The Afghan president is repelling a wave of criticism with defiant counter-attacks and verbal blows. But as NATO defence ministers meet in Krakow to discuss committing fresh troops to fight the Taliban, pressure is growing on Hamid Karzai to seize this last chance to win back international support.
Close to Bush
Though he may be articulating what many know to be wrong in Afghanistan, Mr Karzai’s new rhetorical offensive is reportedly not going down well in Washington, where he is already tainted in the eyes of many in the Obama team by his close ties to former President Bush.
As Barack Obama begins despatching 17,000 more US troops to Afghanistan, he will be demanding a lot more from Mr Karzai. Karzai is seen has having been ineffectual in stemming the resurgence of counter-narcotics and the corruption that comes with it; opium is thought to generate between 50-100 billion US dollar for the Taliban every year.
Mr Karzai’s own position is precarious indeed. He is facing a constitutional crisis, with a potential power vacuum of three months beginning when his term as president expires in May and ending when elections are held in August. The idea was to hold off the ballot until the new US surge would start to bear fruit, but there are no constitutional arrangements to deal with this delay.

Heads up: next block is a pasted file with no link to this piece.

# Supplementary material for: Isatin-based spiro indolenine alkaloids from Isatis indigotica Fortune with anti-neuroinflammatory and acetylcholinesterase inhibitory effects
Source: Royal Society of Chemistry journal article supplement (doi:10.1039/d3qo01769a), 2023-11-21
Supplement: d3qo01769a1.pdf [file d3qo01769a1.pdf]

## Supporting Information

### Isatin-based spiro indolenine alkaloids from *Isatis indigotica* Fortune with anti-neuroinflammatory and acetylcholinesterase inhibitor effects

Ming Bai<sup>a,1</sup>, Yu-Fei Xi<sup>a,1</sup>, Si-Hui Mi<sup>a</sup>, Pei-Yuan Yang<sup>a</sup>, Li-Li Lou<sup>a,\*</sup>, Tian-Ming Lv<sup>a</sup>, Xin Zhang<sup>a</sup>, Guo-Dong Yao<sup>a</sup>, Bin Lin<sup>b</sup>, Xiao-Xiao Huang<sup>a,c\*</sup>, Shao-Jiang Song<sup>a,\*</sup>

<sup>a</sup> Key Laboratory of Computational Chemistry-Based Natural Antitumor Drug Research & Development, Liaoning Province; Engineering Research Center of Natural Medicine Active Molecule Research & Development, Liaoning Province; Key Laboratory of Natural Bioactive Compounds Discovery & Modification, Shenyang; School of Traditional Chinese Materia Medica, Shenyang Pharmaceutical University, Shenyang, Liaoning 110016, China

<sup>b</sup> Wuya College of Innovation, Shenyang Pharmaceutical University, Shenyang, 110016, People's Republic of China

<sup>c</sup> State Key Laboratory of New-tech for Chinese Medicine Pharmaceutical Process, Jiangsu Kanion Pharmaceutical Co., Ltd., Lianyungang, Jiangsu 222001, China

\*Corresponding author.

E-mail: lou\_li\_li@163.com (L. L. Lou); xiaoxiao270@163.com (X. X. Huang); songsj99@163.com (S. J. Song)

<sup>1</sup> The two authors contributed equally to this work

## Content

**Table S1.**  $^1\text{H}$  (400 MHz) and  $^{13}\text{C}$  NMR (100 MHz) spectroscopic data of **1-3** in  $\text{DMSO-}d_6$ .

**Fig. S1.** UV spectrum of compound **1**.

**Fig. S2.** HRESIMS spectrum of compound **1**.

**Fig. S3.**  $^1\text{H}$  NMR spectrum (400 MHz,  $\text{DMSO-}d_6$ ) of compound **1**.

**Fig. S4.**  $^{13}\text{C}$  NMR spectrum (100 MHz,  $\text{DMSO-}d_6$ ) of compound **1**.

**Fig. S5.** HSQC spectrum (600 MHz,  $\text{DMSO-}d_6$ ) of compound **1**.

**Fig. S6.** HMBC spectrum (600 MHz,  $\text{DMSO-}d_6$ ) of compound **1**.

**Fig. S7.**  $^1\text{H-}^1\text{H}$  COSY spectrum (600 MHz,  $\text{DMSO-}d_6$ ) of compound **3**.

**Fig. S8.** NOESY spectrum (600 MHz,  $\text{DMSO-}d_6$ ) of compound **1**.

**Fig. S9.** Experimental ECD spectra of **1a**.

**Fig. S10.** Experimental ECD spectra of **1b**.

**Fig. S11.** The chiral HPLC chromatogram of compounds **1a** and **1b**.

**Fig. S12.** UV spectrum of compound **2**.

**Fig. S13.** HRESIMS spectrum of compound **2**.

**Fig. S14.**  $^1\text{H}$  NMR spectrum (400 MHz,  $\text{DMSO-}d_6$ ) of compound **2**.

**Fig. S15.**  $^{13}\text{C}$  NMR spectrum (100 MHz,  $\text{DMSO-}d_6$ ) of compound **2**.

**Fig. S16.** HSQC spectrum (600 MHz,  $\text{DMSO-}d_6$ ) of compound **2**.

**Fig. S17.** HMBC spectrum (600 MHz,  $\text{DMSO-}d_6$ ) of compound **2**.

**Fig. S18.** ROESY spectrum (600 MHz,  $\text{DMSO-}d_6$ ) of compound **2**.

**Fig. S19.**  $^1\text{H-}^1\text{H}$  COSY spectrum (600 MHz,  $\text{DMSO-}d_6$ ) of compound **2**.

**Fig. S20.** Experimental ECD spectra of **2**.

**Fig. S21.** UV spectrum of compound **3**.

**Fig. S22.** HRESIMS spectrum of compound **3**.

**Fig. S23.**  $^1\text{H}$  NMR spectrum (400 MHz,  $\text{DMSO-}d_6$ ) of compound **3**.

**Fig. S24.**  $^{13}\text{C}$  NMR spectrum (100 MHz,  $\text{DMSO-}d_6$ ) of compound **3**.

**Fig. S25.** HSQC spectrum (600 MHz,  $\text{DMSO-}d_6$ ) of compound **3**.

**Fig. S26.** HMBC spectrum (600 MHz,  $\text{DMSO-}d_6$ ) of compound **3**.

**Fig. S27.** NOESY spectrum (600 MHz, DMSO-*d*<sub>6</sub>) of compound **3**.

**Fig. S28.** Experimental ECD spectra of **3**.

Second, there is a chance that a credible challenger will emerge. Former Afghan interior minister Ali Jalali this week said he was considering the post. Another name that crops up is Gul Asha Sherzai, Kandahar‘s governor. Tellingly, it was Sherzai, not Karzai, that Mr Obama first visited during his trip to the country last year.
Previous Post on Sherzai
Mr Obama and NATO allies are likely to put their minds as to the future running of Afghanistan in April, when they meet in Strasbourg to map out a new strategy for the country. Although they may in the end decide to stick with Mr Karzai, their backing may come with many new demands that he may struggle to meet.
US troops set out on a patrol in Paktika province, Afghanistan, close to the Pakistan border. Photograph: David Furst/AFP/Getty Images
February 20, 2009
It’s been years since the Taliban were toppled from power in Afghanistan by American and British troops but the cost of continued Western military presence in the region is rising. More details in this report from Press TV’s correspondent in London, Fareena Alam.